Feline Chronic Kidney Disease
Feline Chronic Kidney Disease
Chronic kidney disease (CKD for short) is an increasingly common problem affecting the aging cat population. It’s estimated that almost half of cats over the age of fifteen have the condition. In this article, I’ll explain the disease process and symptoms to help you identify early warning signs and hopefully allow your feline friends to continue to live long happy lives.
The kidneys are extremely important organs and perform several important functions required for the everyday activities of the body. Made up of an array of tubes, called nephrons. The primary job of the nephrons is to filter the blood, eliminating waste products as urine. The kidneys do several other tasks including regulating blood pressure, concentrating urine, and releasing hormonal signals to bone marrow to make more red blood cells.
While there can be a specific cause of CKD such as an infection, certain genetic disorders, or kidney stones, in most cases the cause is unknown. Regardless of the cause of the kidney damage, once 75% or so of the kidney function is lost, detectable symptoms can arise.
CKD results in the kidneys no longer performing their normal jobs, which leads to outward symptoms. For example, a buildup of waste products due to decreased blood filtering ability can cause nausea, decreased appetite, and even vomiting. Elevated blood pressure can damage internal organs and the eyes, which can manifest as dilated pupils or even decreased visual ability. A loss of hormone production can cause anemia leading to weakness and lethargy. The kidneys stop concentrating urine normally, which leads to increased urination and dehydration.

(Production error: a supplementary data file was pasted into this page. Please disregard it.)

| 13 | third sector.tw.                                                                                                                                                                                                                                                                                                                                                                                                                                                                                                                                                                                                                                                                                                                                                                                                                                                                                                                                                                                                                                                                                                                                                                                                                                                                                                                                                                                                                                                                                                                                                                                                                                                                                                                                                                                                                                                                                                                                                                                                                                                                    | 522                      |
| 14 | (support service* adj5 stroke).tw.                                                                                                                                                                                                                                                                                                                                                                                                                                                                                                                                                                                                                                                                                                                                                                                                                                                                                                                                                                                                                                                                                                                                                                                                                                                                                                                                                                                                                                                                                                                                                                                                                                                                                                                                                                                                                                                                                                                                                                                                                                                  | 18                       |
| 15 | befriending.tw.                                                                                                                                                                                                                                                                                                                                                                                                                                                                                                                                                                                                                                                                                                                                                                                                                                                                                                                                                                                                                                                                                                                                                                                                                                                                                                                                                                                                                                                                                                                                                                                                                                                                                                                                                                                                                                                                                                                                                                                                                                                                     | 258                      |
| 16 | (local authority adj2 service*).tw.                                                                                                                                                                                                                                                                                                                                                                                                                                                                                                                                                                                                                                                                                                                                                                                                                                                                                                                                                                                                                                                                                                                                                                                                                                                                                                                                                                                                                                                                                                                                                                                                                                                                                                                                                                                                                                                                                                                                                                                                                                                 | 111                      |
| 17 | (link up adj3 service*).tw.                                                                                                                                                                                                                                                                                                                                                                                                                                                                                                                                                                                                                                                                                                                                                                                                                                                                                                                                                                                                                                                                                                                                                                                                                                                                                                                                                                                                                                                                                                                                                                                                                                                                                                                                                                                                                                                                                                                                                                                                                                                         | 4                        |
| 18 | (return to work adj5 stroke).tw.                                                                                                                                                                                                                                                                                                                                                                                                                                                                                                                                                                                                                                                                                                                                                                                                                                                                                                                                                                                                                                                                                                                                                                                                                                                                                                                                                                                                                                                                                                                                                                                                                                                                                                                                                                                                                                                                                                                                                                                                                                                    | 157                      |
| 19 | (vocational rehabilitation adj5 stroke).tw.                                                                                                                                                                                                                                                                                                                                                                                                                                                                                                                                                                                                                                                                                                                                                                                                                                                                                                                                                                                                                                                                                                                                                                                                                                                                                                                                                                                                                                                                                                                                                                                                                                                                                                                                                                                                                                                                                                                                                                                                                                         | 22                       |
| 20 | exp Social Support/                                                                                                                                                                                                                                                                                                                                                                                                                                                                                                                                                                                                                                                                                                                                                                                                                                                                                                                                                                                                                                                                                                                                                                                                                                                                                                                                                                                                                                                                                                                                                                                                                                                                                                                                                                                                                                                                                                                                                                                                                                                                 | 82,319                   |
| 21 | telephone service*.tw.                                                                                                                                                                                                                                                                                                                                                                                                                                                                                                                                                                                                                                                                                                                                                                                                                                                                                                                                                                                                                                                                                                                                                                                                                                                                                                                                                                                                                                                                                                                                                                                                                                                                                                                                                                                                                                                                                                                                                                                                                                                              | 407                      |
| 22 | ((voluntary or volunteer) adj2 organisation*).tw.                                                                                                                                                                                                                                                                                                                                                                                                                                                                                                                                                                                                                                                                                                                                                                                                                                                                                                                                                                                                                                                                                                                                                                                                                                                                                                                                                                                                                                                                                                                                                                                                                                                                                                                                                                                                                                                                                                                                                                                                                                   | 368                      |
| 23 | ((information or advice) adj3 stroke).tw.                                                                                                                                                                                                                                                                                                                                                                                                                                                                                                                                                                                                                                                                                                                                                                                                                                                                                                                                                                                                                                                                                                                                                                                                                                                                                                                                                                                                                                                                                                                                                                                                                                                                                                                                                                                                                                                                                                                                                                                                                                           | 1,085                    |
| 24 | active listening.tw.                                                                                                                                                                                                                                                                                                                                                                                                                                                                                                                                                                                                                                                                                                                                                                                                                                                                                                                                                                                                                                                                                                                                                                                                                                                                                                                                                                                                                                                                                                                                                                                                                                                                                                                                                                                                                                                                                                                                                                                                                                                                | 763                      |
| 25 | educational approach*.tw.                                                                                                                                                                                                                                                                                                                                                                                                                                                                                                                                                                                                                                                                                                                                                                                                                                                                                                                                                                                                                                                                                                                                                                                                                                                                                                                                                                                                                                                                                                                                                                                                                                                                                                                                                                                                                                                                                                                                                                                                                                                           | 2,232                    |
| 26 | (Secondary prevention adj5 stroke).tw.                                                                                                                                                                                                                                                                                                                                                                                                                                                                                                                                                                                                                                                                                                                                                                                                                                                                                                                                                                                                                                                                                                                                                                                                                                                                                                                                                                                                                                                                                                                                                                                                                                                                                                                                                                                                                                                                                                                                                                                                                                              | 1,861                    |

CKD can be diagnosed by your veterinarian using bloodwork as well as testing the urine for protein. This testing can be used to “stage” the disease, which is helpful to determine the severity and potentially the prognosis.
There is no cure for CKD. The goals of treatment are to control the symptoms and delay the progression of the disease. Fluids can help with dehydration, antacids can improve gastrointestinal discomfort, and some veterinarians prescribe a special diet for patients with kidney disease.
The progression of CKD is variable and hard to predict. Some pets may continue with a good quality of life for years whereas others progress more quickly.
Early detection of CKD is important for multiple reasons. First, changes in blood values can be tracked over time, allowing a better prediction for the course of the illness. Also, the earlier the condition is detected, the earlier treatment can start, giving the patient the best possible chance of slowing the disease process. Ask for veterinarian if he or she recommends bloodwork as a way to screen for kidney disease and other problems affecting older cats.
-Dr. Ian Birkbeck
Dr. Birkbeck writes monthly columns for the local publication, “The Viera Voice”. If you have any pet medical questions you’d like to see answered in a future column, you can email them to Dr.Ian@IslandAnimal.com.